At first, the crater in the ground where the basement was supposed to be before crews quit working looked like the aftermath of a drone attack.
But soon weeds began encroaching, white tailed rabbits bounded up and down the berms and a flock of goldfinches settled in, each perching in a cyclone fence slot in an avian pyramid.
Now the site of the half-built, bankrupt Sienna Court Condominium in Evanston resembles a zoo exhibit with cliffs, savannahs, trickling water from sprinklers and a construction ladder turned three-story roost for its grackle, house sparrow and gull residents. Location, location.
And the human residents of the “wetland reversion,” their units spaced as far apart as streetlights and their resale dreams dashed into receivership?
They’re discovering the only thing worse than living next to a construction zone is not living next to a construction zone.
A block away, a curb-hugging, zero-lot-line eyesore called Ferris Homes has no wildlife reintroduction in progress because it has no green space. But a year after the 49-condominium unit building opened, the bank is foreclosing on 38 units because of unpaid construction loans. Correct. Only 11 units sold.
And how was your year?
This recession hasn’t just made things rough for people who sell things and people who can no longer buy them (because they also sell things to people who can no longer buy them.) It’s made things rough for the nation’s copywriters.
Once upon a time there were two can’t-fail headlines: Grand Opening and Sale.
Sure, you’d add “pre-construction” and “builder’s special” to Grand Opening when there was nothing to look at but homesites–also known as dirt–and a Realtor in a pixie haircut. Sure you’d add “model close-out,” when the sign for the Rivers at Lakewood or Timbers at Creekwood and red and blue balloons were up. But Grand Opening did the heavy lifting.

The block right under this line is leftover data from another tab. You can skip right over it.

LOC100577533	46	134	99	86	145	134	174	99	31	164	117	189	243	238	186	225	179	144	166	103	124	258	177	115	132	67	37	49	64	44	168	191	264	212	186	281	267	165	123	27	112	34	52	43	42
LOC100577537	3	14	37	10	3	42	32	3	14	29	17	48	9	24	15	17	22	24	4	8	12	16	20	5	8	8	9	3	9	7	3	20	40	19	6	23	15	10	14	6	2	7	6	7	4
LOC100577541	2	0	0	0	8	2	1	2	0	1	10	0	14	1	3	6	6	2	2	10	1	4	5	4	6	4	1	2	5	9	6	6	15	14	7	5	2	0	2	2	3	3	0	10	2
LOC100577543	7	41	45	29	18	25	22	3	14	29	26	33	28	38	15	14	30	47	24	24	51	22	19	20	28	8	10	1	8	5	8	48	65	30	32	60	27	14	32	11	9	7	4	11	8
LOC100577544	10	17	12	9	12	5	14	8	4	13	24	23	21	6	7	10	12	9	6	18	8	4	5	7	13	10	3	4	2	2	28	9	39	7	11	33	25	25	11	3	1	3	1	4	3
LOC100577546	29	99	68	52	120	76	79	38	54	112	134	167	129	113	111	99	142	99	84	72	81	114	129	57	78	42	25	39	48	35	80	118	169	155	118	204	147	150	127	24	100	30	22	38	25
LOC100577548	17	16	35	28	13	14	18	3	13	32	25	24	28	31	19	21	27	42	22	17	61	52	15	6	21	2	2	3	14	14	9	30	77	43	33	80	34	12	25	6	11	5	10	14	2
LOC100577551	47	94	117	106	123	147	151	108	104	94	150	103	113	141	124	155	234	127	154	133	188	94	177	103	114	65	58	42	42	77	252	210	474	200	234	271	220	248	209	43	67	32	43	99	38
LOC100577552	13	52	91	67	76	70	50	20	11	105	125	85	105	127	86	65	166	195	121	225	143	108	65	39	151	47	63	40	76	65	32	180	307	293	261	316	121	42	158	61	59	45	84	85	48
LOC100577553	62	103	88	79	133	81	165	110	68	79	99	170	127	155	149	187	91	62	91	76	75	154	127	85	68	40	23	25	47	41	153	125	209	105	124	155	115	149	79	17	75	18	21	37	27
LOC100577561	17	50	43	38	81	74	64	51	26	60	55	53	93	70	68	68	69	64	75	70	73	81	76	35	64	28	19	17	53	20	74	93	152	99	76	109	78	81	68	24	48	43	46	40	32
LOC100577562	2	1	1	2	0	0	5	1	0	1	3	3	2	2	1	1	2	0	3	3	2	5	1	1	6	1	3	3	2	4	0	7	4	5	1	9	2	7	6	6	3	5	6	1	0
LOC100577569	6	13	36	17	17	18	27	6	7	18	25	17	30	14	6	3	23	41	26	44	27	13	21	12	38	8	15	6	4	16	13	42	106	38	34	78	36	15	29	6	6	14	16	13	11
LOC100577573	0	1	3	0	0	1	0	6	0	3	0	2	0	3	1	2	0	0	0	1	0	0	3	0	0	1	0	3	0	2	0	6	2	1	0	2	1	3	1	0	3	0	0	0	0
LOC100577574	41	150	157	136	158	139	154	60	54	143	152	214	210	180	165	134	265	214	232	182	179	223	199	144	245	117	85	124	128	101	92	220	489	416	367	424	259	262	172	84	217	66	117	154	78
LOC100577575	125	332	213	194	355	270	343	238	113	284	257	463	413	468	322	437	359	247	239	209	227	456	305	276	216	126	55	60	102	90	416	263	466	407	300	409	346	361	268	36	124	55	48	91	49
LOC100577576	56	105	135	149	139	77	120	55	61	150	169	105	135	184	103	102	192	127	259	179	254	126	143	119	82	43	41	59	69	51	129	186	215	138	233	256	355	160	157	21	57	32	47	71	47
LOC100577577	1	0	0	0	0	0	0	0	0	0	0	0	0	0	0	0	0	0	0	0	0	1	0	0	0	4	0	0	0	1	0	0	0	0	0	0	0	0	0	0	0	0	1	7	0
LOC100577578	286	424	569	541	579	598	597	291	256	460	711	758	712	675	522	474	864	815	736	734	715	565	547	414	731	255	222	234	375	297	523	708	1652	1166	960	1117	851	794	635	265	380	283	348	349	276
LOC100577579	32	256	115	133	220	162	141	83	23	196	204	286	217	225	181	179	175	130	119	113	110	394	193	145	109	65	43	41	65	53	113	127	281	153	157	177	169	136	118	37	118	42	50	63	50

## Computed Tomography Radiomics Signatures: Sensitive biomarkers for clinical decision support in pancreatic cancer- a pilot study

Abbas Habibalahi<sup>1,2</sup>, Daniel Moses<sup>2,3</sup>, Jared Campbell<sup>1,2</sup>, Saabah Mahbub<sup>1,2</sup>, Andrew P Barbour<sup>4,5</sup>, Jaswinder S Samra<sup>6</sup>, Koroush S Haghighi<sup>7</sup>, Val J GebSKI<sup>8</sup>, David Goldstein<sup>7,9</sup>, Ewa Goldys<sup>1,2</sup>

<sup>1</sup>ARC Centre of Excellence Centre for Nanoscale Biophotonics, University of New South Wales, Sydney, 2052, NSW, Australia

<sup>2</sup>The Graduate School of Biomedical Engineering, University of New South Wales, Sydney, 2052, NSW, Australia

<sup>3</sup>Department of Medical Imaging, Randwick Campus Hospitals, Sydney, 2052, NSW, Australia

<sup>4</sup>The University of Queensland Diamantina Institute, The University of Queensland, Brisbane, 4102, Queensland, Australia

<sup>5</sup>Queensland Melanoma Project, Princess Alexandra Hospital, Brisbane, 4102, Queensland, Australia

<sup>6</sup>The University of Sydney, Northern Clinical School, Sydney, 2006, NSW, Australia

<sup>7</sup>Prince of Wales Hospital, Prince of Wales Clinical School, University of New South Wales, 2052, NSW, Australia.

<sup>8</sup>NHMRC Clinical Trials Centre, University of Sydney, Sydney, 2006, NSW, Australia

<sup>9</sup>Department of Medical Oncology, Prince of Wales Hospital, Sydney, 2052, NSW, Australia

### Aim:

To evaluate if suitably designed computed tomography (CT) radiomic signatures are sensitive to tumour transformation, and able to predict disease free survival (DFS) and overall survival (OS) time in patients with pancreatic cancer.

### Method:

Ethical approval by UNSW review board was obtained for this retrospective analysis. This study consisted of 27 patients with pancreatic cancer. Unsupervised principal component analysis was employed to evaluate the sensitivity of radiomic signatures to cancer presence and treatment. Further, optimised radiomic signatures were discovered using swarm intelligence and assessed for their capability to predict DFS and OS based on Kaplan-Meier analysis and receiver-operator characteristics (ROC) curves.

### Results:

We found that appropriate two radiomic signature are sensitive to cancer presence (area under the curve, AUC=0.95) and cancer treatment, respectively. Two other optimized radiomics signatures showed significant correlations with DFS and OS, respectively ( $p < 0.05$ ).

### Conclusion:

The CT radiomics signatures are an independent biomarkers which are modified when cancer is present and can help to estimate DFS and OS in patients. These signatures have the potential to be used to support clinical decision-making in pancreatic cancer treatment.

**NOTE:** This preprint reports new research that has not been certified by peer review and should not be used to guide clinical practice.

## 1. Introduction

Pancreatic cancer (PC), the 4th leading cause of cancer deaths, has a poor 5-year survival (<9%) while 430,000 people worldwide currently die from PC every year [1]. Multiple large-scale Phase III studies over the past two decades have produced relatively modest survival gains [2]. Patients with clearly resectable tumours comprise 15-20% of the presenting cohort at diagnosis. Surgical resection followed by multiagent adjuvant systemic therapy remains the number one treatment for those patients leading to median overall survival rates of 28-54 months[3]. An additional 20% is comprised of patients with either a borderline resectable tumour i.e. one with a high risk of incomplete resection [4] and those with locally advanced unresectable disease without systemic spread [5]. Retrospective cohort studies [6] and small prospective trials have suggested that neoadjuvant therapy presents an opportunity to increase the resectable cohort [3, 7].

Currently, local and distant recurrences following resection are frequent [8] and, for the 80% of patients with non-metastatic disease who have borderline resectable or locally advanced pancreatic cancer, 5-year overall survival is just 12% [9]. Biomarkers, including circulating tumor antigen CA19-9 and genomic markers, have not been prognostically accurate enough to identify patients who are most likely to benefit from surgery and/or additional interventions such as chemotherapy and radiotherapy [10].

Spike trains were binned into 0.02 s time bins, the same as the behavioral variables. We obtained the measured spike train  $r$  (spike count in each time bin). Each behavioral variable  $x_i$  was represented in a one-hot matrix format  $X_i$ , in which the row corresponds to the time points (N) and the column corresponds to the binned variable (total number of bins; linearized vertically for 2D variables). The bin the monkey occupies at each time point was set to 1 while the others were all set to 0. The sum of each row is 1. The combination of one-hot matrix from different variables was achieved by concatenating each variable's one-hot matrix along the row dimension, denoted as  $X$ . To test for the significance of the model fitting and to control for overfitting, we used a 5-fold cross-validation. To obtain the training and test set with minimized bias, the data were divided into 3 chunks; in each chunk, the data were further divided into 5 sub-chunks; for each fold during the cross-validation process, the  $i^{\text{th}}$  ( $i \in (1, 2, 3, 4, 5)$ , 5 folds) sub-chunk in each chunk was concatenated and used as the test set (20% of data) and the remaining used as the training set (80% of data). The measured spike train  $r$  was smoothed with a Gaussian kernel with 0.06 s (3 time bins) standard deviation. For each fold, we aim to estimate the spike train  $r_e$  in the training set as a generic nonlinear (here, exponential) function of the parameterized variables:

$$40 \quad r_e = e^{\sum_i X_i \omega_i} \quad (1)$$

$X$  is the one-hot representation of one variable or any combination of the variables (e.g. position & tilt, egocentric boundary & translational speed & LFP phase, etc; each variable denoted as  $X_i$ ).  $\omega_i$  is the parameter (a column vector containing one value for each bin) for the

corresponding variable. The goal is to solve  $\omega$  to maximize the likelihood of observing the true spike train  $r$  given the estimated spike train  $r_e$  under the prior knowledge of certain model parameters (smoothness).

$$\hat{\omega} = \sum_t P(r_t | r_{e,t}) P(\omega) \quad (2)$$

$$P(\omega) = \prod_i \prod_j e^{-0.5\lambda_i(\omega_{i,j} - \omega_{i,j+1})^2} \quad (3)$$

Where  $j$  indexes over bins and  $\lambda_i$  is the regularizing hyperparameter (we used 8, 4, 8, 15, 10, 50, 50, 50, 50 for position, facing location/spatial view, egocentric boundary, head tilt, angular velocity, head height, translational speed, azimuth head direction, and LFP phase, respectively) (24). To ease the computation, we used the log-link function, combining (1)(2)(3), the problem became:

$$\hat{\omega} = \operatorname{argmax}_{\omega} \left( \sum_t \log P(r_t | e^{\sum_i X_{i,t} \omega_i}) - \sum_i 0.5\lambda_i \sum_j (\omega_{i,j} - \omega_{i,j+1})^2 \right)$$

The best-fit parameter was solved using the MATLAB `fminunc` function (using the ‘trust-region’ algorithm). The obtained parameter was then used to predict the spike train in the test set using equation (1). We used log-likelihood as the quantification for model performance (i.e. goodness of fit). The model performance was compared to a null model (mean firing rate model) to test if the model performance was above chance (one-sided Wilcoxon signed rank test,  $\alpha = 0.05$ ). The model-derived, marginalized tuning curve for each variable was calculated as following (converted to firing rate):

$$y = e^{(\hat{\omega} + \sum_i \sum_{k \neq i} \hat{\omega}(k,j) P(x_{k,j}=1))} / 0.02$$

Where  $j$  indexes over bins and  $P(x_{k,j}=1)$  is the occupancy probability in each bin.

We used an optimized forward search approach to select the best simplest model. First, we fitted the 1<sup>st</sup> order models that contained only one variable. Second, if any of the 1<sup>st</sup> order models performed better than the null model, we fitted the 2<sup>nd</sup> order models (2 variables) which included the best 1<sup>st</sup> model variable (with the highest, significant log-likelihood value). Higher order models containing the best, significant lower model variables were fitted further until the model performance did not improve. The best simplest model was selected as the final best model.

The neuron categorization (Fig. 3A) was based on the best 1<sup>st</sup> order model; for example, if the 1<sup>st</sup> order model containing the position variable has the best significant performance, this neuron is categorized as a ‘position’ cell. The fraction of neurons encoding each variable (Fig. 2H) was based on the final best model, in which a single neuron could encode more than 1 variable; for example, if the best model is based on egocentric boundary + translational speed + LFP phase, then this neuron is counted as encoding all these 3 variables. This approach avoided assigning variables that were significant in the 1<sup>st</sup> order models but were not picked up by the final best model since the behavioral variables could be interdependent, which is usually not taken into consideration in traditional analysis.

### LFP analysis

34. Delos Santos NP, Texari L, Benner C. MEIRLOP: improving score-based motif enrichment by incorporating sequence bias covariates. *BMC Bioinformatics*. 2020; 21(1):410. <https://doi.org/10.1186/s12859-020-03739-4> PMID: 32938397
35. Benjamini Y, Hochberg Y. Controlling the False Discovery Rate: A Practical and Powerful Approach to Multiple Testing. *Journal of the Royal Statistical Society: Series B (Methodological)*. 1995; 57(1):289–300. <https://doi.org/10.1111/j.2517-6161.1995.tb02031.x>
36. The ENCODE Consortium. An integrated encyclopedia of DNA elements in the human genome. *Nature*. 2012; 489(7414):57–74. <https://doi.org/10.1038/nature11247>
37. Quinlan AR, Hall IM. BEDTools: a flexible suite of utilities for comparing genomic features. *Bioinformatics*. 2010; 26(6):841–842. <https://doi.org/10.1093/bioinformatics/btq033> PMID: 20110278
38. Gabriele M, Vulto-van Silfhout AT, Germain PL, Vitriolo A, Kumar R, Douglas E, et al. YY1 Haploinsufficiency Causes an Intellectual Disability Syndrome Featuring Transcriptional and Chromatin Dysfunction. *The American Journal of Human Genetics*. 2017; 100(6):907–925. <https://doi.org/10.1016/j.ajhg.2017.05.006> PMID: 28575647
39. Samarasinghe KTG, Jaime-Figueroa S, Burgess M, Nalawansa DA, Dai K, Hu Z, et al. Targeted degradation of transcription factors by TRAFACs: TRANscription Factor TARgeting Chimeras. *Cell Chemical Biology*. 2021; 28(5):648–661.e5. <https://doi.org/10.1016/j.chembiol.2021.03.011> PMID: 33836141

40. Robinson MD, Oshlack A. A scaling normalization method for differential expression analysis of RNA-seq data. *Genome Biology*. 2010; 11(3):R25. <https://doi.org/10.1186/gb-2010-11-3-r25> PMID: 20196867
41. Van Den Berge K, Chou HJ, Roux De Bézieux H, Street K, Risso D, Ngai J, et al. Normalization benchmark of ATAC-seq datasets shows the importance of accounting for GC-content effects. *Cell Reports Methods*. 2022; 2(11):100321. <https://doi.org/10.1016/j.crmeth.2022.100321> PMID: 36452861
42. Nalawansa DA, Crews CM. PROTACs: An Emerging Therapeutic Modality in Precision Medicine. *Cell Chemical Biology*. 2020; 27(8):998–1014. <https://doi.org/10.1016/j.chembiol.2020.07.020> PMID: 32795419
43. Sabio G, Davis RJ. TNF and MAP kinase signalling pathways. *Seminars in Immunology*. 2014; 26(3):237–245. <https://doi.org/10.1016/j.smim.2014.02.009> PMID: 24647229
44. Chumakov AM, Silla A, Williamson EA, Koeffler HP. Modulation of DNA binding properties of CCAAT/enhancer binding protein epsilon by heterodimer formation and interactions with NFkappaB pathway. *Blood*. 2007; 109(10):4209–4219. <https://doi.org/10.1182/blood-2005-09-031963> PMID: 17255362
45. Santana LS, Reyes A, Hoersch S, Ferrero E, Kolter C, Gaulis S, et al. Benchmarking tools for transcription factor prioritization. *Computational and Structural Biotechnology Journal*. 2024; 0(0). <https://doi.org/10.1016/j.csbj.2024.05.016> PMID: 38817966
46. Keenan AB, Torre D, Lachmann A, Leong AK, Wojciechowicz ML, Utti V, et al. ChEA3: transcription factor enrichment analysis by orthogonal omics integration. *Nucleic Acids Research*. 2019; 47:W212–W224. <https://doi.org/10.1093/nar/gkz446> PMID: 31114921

And sale? Once upon a time you could have any kind of sale–an end-of-year, end-of-the-summer, Christmas-in-July, we’ve-lost-our-lease sale (right), we’ve-lost-our-mind sale (having got it back from last year), back-to-school, Labor Day, Memorial Day and Father’s Day sale, we’ve-got-to-make-room-for-the-new-models (right) sale– as long as merch wasn’t on sale all the time.
Flash forward to Christmas 2008 when retailers decided the only way to salvage Christmas was to start discounting at Halloween and haven’t let up yet.
Now Grand Opening suggests its evil twin, Grand Closing–with real estate reporters replaced by count reporters–and Sale has devolved into the proverbial Every Day Low Prices which is to say merch is on sale all the time.
And it gets worse. Remember the dictum about good restaurants don’t advertise?
In this college town, “good restaurants” have fallen back on the campus marketing 101 tactic of wind-shielding cars. They are putting We Have Take-Out And Delivery hand-scrawled signs on cardboard in their windows vowing to bring you their white table cloth service in clamshells and paper bags to enjoy by TV light! Hey a customer is a customer.
Parents of Northwestern University undergrads may pay $36,756 a year for tuition, but that doesn’t mean Elizabeth Arden’s Red Door Spa could stay in business offering massages for $140 and facials for $180. It held its Grand Closing in 2008.
Still, the hardest part for copywriters in this recession is not the death of Grand Opening and Sale as attention riveters and traffic creators.
It’s not finding value-reverent substitutes for “luxurious,” “pamper” and “indulge” or a way of saying “staycation” without making people roll their eyes and want to flash their unemployment cards.
It’s even not the 33 seconds of legal disclaimers mandated in radio ads that undo the preceding offer and make the announcer sound like Al Franken doing a gag.
It is finding a replacement for “needs.”
Because in the days when people bought lattes, Pilates classes and $35 cab rides, no one questioned “hair care needs,” “home-decoration needs,” or even “cruise ship” and “jewelry” needs. No one thought it insensitive and a little decadent.
Nor did anyone think recession would come to describe their new condo’s landscaping.
MARTHA ROSENBERG can be reached at: email@example.com